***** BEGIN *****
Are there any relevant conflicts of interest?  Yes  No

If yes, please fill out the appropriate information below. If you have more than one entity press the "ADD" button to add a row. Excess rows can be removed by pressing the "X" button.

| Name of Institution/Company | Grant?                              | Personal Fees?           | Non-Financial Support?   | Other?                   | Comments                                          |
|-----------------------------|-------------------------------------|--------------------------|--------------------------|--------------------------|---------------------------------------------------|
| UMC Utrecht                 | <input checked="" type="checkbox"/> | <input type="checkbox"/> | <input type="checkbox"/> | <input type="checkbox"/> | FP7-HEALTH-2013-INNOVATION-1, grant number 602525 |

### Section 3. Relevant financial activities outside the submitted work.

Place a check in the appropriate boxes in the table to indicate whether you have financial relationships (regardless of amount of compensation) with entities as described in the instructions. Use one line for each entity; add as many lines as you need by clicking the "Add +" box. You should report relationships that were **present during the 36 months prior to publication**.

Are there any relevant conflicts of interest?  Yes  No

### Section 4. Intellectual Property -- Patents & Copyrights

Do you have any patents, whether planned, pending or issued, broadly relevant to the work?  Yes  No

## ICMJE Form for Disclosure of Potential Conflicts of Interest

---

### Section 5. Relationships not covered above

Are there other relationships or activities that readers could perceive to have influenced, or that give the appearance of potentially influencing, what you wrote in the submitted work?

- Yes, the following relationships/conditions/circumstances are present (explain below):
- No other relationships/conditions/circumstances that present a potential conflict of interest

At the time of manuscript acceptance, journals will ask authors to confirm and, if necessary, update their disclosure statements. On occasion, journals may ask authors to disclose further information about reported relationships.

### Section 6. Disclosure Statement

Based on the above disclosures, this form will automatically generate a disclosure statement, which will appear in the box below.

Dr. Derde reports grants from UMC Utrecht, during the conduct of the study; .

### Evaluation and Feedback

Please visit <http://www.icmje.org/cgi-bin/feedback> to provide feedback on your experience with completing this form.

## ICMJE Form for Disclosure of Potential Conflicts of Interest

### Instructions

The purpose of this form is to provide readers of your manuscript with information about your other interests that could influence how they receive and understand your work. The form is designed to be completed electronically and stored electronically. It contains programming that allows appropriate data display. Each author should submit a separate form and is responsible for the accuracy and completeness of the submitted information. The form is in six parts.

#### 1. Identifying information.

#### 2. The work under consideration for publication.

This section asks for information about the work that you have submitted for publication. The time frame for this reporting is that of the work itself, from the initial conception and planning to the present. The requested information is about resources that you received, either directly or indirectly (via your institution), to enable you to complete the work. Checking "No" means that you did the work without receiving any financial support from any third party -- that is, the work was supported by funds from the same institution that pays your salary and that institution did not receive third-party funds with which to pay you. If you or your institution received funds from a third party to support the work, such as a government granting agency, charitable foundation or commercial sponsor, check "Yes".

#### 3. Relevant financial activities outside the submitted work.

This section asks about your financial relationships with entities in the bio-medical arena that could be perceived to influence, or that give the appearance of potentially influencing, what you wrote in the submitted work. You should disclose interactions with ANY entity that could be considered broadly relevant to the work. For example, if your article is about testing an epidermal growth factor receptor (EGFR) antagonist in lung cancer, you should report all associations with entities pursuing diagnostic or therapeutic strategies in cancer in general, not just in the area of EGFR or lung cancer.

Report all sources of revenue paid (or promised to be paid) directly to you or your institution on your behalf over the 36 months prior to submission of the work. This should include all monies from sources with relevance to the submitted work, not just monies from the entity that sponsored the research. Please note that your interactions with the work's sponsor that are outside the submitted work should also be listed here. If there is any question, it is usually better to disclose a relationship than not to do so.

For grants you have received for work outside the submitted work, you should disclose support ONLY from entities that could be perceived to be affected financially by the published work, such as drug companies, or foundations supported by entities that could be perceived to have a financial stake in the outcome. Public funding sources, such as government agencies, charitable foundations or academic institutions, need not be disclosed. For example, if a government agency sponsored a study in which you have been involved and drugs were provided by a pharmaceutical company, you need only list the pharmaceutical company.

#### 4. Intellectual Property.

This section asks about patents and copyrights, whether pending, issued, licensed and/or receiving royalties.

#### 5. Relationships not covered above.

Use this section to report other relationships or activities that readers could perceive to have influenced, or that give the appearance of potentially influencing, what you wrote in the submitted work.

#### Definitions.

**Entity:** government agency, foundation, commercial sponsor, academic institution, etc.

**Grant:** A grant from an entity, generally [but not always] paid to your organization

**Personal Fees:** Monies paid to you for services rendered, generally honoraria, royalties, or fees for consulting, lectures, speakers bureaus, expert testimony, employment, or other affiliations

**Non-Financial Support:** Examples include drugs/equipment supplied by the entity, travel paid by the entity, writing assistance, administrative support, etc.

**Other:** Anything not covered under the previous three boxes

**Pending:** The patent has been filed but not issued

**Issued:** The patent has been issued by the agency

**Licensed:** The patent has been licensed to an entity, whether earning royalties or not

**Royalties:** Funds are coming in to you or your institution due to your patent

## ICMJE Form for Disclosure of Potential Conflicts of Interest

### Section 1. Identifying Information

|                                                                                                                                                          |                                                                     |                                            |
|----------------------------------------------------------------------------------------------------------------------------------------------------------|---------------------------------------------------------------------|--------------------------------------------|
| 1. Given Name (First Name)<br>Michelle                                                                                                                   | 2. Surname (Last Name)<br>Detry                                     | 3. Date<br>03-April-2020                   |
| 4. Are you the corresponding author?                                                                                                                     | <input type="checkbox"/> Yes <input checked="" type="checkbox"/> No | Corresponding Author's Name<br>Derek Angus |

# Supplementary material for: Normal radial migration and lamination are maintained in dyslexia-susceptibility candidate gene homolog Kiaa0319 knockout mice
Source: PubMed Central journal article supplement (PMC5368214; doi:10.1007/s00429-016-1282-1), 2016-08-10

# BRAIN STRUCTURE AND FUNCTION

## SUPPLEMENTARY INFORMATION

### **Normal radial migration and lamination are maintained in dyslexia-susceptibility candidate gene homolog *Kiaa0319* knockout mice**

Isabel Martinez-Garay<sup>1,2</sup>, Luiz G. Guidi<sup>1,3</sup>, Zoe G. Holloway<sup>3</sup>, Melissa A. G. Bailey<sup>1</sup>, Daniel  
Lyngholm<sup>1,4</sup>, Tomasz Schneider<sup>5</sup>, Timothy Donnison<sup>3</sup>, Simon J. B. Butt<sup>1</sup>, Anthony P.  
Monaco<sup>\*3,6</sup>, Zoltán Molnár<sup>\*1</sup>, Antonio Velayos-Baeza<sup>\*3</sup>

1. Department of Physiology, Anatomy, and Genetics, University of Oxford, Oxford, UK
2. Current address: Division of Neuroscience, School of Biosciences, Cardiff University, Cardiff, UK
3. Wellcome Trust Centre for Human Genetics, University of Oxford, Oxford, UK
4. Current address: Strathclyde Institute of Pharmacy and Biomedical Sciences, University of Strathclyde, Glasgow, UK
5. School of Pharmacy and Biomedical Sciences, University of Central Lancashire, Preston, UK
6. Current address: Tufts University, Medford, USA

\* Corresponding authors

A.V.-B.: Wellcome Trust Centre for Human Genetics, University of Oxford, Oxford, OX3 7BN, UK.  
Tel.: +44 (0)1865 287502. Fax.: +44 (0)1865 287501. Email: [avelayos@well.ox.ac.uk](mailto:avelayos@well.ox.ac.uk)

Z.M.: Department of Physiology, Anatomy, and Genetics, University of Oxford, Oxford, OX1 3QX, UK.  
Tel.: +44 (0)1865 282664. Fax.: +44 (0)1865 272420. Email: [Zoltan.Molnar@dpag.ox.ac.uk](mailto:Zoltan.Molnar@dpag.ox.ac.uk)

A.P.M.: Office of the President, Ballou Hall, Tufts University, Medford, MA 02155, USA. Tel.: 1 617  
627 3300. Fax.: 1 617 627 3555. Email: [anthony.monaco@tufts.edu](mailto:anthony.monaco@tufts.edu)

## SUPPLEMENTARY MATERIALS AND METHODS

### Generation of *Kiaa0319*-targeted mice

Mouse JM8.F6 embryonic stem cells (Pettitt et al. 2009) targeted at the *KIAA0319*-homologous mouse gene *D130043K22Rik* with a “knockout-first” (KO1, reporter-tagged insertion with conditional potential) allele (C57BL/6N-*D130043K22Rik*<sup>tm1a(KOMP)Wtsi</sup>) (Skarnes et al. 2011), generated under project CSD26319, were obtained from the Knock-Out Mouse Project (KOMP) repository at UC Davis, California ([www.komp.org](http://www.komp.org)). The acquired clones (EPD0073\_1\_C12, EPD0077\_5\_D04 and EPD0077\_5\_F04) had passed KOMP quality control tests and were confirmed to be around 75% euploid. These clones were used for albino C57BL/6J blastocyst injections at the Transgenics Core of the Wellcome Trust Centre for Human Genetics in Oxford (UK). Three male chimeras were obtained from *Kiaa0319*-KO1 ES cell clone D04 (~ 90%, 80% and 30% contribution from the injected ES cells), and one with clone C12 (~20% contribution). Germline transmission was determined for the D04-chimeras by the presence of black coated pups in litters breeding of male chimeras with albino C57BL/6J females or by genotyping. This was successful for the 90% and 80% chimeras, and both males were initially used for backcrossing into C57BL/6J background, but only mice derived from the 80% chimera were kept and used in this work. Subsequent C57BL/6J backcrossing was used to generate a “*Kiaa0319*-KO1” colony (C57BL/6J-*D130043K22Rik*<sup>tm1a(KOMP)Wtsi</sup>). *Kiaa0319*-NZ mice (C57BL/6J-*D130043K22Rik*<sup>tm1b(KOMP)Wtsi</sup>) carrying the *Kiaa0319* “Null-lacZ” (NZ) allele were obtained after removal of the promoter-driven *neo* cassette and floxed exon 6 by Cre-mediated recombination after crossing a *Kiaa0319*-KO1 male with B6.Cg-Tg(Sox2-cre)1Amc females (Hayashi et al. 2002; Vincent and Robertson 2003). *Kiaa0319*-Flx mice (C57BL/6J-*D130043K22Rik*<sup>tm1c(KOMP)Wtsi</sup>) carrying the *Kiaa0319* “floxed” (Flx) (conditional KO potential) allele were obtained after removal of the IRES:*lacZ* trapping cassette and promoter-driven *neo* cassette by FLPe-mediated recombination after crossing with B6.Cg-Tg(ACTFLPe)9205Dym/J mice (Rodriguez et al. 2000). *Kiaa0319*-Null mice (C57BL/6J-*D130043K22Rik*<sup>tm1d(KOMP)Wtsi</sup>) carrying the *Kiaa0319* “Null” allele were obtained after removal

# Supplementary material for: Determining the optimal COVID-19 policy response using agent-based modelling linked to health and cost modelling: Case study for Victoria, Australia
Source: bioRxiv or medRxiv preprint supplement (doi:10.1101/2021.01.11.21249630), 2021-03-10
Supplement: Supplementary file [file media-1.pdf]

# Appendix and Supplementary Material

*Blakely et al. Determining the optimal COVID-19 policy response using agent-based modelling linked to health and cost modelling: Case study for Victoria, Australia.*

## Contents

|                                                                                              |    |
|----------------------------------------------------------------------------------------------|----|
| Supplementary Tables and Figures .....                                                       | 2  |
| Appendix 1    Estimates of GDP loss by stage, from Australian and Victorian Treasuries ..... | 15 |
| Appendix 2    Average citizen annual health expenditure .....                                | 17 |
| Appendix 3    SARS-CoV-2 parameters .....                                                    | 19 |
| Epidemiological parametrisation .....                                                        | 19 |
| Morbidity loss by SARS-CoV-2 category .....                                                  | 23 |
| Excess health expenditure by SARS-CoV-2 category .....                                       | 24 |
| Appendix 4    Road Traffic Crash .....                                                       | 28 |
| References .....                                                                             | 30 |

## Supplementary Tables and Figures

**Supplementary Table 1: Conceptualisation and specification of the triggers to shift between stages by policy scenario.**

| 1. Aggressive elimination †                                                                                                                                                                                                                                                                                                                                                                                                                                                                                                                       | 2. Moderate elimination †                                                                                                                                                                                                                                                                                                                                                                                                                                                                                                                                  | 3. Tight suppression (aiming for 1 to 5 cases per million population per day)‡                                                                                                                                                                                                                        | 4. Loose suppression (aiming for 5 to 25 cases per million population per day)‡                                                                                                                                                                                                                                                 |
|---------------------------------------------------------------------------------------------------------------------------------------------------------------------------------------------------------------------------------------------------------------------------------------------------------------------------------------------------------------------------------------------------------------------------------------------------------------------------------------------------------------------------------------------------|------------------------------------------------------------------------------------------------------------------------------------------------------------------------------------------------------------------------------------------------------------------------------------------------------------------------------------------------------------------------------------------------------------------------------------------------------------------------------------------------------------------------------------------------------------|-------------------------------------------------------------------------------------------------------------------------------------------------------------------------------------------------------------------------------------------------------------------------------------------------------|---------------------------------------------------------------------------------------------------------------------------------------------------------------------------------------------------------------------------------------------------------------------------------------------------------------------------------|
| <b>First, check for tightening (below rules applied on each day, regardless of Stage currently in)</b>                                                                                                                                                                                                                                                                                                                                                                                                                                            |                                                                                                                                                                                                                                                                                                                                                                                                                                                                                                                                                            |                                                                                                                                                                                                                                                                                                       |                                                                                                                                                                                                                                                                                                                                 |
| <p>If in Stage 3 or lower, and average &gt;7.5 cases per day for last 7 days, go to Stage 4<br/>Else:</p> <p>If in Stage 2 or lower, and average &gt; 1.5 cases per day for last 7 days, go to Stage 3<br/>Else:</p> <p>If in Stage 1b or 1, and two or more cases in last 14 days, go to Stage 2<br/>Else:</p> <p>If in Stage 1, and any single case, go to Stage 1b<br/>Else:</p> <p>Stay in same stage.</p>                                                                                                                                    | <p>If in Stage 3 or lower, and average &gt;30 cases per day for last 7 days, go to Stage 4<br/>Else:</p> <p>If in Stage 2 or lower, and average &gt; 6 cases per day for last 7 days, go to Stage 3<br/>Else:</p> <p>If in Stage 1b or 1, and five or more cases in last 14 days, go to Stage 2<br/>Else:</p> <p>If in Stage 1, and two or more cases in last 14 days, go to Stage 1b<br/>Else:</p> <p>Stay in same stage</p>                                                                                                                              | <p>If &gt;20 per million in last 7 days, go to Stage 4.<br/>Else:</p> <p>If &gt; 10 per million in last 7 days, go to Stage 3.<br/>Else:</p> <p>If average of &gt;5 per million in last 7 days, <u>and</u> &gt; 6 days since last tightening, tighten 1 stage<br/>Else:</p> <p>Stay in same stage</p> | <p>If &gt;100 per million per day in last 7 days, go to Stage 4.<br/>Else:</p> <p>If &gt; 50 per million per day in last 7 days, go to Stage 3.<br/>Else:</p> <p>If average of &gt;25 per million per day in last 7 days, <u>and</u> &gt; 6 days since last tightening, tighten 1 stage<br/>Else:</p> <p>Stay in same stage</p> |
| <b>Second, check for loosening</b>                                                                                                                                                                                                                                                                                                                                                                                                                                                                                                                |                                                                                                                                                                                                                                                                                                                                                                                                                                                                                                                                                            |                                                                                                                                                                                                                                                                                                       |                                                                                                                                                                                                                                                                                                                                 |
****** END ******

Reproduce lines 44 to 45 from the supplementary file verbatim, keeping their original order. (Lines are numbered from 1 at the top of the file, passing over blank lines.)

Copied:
**Issued:** The patent has been issued by the agency

**Licensed:** The patent has been licensed to an entity, whether earning royalties or not